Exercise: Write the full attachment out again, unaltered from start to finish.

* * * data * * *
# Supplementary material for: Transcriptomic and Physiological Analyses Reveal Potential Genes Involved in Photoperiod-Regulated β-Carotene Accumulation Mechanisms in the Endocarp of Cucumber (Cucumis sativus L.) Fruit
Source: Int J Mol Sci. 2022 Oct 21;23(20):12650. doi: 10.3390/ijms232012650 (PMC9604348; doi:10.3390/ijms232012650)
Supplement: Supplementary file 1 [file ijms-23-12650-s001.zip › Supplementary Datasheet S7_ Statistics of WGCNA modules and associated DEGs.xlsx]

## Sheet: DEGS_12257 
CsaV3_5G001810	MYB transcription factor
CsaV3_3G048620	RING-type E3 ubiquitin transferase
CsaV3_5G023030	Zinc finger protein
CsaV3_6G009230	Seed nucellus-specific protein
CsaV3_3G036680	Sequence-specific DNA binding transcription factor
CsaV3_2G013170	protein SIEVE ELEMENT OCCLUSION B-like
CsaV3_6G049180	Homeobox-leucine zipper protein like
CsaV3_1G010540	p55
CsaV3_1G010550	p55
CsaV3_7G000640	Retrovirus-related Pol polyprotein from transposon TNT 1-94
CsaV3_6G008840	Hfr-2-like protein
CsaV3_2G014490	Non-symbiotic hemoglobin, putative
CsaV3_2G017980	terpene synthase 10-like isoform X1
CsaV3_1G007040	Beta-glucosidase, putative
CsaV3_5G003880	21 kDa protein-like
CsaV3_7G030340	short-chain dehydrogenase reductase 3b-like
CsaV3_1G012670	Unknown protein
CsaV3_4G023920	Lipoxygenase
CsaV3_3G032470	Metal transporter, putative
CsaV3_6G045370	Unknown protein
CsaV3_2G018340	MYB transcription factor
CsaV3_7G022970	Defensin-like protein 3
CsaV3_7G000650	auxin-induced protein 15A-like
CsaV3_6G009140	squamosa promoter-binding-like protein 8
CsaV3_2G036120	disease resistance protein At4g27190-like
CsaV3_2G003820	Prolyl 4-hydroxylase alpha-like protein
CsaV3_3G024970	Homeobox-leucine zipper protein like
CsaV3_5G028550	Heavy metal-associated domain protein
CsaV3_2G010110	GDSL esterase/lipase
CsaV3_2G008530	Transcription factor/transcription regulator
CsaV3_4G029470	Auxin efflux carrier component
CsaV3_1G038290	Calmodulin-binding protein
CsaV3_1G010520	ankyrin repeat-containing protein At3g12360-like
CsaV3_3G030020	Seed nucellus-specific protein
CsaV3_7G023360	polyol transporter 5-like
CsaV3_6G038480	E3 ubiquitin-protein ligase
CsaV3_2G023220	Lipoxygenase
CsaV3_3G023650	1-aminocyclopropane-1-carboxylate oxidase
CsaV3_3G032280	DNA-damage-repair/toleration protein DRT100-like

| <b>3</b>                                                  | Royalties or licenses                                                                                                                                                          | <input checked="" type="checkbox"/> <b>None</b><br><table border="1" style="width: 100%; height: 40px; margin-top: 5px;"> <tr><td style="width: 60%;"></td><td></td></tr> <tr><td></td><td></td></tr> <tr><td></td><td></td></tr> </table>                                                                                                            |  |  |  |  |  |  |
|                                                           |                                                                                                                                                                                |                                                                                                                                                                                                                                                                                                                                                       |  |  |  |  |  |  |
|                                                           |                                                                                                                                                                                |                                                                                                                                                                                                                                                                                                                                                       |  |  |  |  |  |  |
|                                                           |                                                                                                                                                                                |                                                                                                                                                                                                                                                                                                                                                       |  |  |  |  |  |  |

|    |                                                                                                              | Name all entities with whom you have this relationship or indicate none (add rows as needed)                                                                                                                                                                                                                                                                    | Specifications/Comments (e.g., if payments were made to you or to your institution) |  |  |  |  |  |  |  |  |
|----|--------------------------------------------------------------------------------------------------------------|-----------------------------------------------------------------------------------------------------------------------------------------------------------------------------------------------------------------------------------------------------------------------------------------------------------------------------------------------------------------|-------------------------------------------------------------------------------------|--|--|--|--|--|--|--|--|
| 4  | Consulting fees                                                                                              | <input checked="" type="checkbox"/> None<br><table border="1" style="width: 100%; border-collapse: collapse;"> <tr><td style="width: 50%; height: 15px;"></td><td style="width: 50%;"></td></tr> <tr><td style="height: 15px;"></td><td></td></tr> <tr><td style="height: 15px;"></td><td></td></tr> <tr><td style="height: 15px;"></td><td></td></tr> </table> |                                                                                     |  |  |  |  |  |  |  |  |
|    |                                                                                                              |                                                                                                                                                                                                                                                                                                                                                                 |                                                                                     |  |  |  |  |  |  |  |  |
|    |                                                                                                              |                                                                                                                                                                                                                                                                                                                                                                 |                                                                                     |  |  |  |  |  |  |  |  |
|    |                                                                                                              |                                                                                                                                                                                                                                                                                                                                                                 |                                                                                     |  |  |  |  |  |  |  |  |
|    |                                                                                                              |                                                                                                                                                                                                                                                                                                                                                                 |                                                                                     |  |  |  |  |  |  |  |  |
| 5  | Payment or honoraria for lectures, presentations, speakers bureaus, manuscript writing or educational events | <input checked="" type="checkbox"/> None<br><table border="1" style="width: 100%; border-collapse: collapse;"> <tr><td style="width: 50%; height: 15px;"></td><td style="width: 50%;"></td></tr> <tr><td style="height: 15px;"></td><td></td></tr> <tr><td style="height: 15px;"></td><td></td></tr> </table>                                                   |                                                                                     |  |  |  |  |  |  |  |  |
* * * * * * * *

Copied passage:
# Supplementary material for: Transcriptomic and Physiological Analyses Reveal Potential Genes Involved in Photoperiod-Regulated β-Carotene Accumulation Mechanisms in the Endocarp of Cucumber (Cucumis sativus L.) Fruit
Source: Int J Mol Sci. 2022 Oct 21;23(20):12650. doi: 10.3390/ijms232012650 (PMC9604348; doi:10.3390/ijms232012650)
Supplement: Supplementary file 1 [file ijms-23-12650-s001.zip › Supplementary Datasheet S7_ Statistics of WGCNA modules and associated DEGs.xlsx]

## Sheet: DEGS_12257 
CsaV3_5G001810	MYB transcription factor
CsaV3_3G048620	RING-type E3 ubiquitin transferase
CsaV3_5G023030	Zinc finger protein
CsaV3_6G009230	Seed nucellus-specific protein
CsaV3_3G036680	Sequence-specific DNA binding transcription factor
CsaV3_2G013170	protein SIEVE ELEMENT OCCLUSION B-like
CsaV3_6G049180	Homeobox-leucine zipper protein like
CsaV3_1G010540	p55
CsaV3_1G010550	p55
CsaV3_7G000640	Retrovirus-related Pol polyprotein from transposon TNT 1-94
CsaV3_6G008840	Hfr-2-like protein
CsaV3_2G014490	Non-symbiotic hemoglobin, putative
CsaV3_2G017980	terpene synthase 10-like isoform X1
CsaV3_1G007040	Beta-glucosidase, putative
CsaV3_5G003880	21 kDa protein-like
CsaV3_7G030340	short-chain dehydrogenase reductase 3b-like
CsaV3_1G012670	Unknown protein
CsaV3_4G023920	Lipoxygenase
CsaV3_3G032470	Metal transporter, putative
CsaV3_6G045370	Unknown protein
CsaV3_2G018340	MYB transcription factor
CsaV3_7G022970	Defensin-like protein 3
CsaV3_7G000650	auxin-induced protein 15A-like
CsaV3_6G009140	squamosa promoter-binding-like protein 8
CsaV3_2G036120	disease resistance protein At4g27190-like
CsaV3_2G003820	Prolyl 4-hydroxylase alpha-like protein
CsaV3_3G024970	Homeobox-leucine zipper protein like
CsaV3_5G028550	Heavy metal-associated domain protein
CsaV3_2G010110	GDSL esterase/lipase
CsaV3_2G008530	Transcription factor/transcription regulator
CsaV3_4G029470	Auxin efflux carrier component
CsaV3_1G038290	Calmodulin-binding protein
CsaV3_1G010520	ankyrin repeat-containing protein At3g12360-like
CsaV3_3G030020	Seed nucellus-specific protein
CsaV3_7G023360	polyol transporter 5-like
CsaV3_6G038480	E3 ubiquitin-protein ligase
CsaV3_2G023220	Lipoxygenase
CsaV3_3G023650	1-aminocyclopropane-1-carboxylate oxidase
CsaV3_3G032280	DNA-damage-repair/toleration protein DRT100-like

| <b>3</b>                                                  | Royalties or licenses                                                                                                                                                          | <input checked="" type="checkbox"/> <b>None</b><br><table border="1" style="width: 100%; height: 40px; margin-top: 5px;"> <tr><td style="width: 60%;"></td><td></td></tr> <tr><td></td><td></td></tr> <tr><td></td><td></td></tr> </table>                                                                                                            |  |  |  |  |  |  |
|                                                           |                                                                                                                                                                                |                                                                                                                                                                                                                                                                                                                                                       |  |  |  |  |  |  |
|                                                           |                                                                                                                                                                                |                                                                                                                                                                                                                                                                                                                                                       |  |  |  |  |  |  |
|                                                           |                                                                                                                                                                                |                                                                                                                                                                                                                                                                                                                                                       |  |  |  |  |  |  |

|    |                                                                                                              | Name all entities with whom you have this relationship or indicate none (add rows as needed)                                                                                                                                                                                                                                                                    | Specifications/Comments (e.g., if payments were made to you or to your institution) |  |  |  |  |  |  |  |  |
|----|--------------------------------------------------------------------------------------------------------------|-----------------------------------------------------------------------------------------------------------------------------------------------------------------------------------------------------------------------------------------------------------------------------------------------------------------------------------------------------------------|-------------------------------------------------------------------------------------|--|--|--|--|--|--|--|--|
| 4  | Consulting fees                                                                                              | <input checked="" type="checkbox"/> None<br><table border="1" style="width: 100%; border-collapse: collapse;"> <tr><td style="width: 50%; height: 15px;"></td><td style="width: 50%;"></td></tr> <tr><td style="height: 15px;"></td><td></td></tr> <tr><td style="height: 15px;"></td><td></td></tr> <tr><td style="height: 15px;"></td><td></td></tr> </table> |                                                                                     |  |  |  |  |  |  |  |  |
|    |                                                                                                              |                                                                                                                                                                                                                                                                                                                                                                 |                                                                                     |  |  |  |  |  |  |  |  |
|    |                                                                                                              |                                                                                                                                                                                                                                                                                                                                                                 |                                                                                     |  |  |  |  |  |  |  |  |
|    |                                                                                                              |                                                                                                                                                                                                                                                                                                                                                                 |                                                                                     |  |  |  |  |  |  |  |  |
|    |                                                                                                              |                                                                                                                                                                                                                                                                                                                                                                 |                                                                                     |  |  |  |  |  |  |  |  |
| 5  | Payment or honoraria for lectures, presentations, speakers bureaus, manuscript writing or educational events | <input checked="" type="checkbox"/> None<br><table border="1" style="width: 100%; border-collapse: collapse;"> <tr><td style="width: 50%; height: 15px;"></td><td style="width: 50%;"></td></tr> <tr><td style="height: 15px;"></td><td></td></tr> <tr><td style="height: 15px;"></td><td></td></tr> </table>                                                   |                                                                                     |  |  |  |  |  |  |  |  |